Ecosystems are complex systems with structure, represented by abiotic resources and a diverse assemblage of component species and their products (such as organic detritus and tunnels) and function, represented by fluxes of energy and matter among biotic and abiotic components (see Fig. 1.3). This complexity extends to the spatial delineation of an ecosystem. Ecosystems can be identified at microcosm and mesocosm scales (e.g., decomposing logs or treehole pools), patch scale (area encompassing a particular community on the landscape), landscape scale (the mosaic of patch types representing different edaphic conditions or successional stages that compose a broader ecosystem type), and the regional or biome scale.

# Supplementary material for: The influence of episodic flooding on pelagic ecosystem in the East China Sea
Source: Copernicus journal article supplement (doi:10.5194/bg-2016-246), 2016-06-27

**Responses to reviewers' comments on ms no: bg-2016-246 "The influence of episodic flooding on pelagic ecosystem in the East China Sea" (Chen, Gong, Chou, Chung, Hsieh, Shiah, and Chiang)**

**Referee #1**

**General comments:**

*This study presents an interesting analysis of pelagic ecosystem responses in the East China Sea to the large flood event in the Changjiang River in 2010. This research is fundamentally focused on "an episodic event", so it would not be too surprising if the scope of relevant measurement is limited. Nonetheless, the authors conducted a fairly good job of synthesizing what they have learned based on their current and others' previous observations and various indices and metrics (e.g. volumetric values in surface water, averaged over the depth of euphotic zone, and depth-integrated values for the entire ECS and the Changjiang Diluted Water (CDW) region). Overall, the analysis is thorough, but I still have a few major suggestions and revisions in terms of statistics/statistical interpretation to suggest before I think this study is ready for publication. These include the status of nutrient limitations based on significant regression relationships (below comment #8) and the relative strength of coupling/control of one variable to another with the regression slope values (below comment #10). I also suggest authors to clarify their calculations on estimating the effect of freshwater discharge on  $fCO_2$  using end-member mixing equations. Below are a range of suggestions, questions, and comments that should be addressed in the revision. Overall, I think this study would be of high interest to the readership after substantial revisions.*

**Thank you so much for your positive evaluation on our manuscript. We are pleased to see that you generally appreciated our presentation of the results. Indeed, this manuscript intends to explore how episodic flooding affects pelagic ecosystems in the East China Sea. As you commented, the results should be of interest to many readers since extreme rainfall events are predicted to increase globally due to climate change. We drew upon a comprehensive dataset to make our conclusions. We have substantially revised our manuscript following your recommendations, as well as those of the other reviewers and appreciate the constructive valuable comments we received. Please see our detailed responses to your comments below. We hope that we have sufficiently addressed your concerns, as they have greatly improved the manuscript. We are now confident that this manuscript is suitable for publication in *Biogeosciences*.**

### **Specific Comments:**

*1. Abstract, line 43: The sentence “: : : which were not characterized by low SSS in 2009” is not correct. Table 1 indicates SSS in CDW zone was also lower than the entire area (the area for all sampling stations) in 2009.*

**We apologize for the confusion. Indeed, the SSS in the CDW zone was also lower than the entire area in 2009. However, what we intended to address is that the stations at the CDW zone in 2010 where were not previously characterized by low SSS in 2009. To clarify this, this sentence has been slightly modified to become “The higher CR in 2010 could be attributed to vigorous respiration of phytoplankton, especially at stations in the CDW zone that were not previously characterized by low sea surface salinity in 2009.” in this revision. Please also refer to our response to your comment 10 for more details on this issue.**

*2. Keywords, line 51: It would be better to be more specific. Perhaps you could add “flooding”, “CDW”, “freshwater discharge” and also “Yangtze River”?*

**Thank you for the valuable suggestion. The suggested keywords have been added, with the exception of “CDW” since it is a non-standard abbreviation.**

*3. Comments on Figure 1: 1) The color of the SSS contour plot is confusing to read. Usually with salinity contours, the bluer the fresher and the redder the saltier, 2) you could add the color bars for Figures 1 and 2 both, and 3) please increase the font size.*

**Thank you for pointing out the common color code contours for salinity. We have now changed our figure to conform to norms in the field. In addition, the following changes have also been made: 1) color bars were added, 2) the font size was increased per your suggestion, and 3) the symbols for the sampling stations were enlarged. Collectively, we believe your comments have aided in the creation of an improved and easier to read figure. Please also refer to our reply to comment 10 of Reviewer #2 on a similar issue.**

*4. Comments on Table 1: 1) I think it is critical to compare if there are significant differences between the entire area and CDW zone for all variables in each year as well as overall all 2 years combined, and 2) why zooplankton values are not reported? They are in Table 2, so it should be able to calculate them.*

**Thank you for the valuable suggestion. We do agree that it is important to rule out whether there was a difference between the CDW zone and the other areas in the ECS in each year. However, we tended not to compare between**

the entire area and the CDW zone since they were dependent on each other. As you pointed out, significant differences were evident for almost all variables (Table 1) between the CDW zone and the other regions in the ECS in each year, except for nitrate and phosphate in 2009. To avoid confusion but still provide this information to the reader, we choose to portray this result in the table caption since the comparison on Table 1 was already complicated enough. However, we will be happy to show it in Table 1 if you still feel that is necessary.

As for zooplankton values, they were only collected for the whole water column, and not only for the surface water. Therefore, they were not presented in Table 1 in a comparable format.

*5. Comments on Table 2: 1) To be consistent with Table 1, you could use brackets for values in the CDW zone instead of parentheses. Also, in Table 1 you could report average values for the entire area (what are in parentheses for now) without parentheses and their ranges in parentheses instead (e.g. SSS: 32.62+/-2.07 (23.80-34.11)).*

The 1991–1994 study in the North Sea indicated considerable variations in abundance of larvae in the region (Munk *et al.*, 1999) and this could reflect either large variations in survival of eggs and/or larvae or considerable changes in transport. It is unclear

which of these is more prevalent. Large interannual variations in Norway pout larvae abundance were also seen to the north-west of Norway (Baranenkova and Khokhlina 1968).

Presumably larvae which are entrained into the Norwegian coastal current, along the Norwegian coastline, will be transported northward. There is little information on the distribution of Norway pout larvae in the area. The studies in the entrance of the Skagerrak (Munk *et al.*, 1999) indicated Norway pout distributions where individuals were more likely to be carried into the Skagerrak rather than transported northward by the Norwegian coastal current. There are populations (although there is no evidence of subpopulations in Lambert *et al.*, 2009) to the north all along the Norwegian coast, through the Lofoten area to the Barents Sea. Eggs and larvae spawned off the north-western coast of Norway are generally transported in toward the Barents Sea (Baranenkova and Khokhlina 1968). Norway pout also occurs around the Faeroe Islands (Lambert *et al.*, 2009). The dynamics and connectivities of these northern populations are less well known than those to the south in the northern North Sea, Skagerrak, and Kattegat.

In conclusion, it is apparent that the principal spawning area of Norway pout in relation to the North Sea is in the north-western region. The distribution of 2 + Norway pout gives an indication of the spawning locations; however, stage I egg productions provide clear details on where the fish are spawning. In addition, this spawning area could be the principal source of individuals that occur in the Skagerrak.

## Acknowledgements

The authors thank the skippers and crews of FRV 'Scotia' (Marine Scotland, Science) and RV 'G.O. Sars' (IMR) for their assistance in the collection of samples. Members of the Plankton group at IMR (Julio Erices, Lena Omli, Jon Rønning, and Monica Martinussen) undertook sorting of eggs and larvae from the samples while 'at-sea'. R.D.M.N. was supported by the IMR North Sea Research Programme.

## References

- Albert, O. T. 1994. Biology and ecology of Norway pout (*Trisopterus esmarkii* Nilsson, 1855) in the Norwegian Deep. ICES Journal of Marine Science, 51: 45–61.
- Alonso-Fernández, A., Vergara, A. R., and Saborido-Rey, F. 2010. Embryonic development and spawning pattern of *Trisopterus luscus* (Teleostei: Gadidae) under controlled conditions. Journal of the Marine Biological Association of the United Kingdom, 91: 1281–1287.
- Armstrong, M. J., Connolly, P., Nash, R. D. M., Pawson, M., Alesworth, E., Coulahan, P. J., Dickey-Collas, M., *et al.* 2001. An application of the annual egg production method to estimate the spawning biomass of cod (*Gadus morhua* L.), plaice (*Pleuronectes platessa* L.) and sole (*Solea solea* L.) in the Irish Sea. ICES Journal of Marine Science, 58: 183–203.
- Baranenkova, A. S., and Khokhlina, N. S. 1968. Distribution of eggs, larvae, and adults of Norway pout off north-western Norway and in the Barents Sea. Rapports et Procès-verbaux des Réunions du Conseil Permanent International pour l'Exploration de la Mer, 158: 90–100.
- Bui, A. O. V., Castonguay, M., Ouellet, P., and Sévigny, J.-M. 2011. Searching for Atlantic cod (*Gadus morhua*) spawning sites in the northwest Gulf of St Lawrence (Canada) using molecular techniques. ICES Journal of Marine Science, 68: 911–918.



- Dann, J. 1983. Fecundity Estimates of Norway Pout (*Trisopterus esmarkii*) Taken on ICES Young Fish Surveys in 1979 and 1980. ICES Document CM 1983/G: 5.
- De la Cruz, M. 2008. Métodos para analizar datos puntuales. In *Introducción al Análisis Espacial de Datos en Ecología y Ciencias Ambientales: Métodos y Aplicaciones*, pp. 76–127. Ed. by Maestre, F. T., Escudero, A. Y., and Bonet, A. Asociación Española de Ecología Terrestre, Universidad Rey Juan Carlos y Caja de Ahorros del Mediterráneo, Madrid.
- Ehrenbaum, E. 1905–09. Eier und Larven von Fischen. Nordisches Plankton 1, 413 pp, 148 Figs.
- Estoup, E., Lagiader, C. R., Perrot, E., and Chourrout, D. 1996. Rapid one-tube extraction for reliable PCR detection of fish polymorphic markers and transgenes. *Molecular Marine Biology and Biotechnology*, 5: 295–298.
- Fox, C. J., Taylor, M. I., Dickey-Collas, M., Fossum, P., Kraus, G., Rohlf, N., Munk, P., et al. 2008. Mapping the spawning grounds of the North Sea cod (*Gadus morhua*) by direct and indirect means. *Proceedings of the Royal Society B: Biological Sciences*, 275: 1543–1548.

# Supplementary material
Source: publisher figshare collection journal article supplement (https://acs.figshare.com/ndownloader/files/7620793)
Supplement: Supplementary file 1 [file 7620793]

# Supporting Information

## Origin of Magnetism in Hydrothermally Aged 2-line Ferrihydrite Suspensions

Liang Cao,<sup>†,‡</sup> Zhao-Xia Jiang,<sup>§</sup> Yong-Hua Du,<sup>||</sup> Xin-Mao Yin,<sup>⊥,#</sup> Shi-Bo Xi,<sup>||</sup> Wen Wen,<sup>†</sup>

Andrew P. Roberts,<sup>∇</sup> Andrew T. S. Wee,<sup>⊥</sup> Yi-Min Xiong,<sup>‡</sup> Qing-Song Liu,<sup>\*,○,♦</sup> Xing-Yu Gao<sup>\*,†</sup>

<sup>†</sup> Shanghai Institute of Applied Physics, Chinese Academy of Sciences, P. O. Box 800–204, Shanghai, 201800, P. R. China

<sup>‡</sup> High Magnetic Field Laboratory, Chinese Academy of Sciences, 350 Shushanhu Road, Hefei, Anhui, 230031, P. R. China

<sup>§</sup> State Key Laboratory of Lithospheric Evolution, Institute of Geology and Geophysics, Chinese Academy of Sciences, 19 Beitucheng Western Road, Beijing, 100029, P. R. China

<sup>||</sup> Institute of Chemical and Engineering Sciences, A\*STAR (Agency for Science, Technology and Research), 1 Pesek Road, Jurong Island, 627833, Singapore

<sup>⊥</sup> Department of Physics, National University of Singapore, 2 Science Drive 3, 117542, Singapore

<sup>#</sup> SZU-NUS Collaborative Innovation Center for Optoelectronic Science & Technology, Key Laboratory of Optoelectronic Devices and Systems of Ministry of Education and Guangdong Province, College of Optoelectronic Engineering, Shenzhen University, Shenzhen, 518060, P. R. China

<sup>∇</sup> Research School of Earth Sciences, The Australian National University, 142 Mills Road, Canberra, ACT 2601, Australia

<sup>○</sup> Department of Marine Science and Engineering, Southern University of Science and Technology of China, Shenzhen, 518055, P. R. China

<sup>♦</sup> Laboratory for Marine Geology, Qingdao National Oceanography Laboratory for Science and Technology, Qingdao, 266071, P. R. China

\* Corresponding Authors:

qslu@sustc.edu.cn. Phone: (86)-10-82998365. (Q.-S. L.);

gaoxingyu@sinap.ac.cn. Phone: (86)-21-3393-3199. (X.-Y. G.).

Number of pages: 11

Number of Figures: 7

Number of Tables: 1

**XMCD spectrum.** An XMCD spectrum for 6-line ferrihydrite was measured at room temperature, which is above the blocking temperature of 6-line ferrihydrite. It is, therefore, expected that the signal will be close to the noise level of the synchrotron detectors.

Addressing taxonomic, temporal, and spatial complexity has proved to be a daunting challenge to ecologists, who must decide how much complexity can be ignored safely (Gutierrez 1996, Polis 1991a, b). Evolutionary and ecosystem ecol-ogists have taken contrasting approaches to dealing with this complexity in ecological studies. The evolutionary approach emphasizes adaptive aspects of life histories, population dynamics, and species interactions. This approach restricts complexity to interactions among one or a few species and their hosts, competitors, predators, or other biotic and abiotic environmental factors and often ignores the complex feedbacks at the ecosystem level. In contrast, the ecosystem approach emphasizes rates and directions of energy and matter fluxes. This approach restricts complexity to fluxes among functional groups and often ignores the contributions of individual species. Either approach, by itself, limits our ability to understand feedbacks among individual, population, community, and ecosystem parameters and to predict effects of a changing global environment on these feedbacks.
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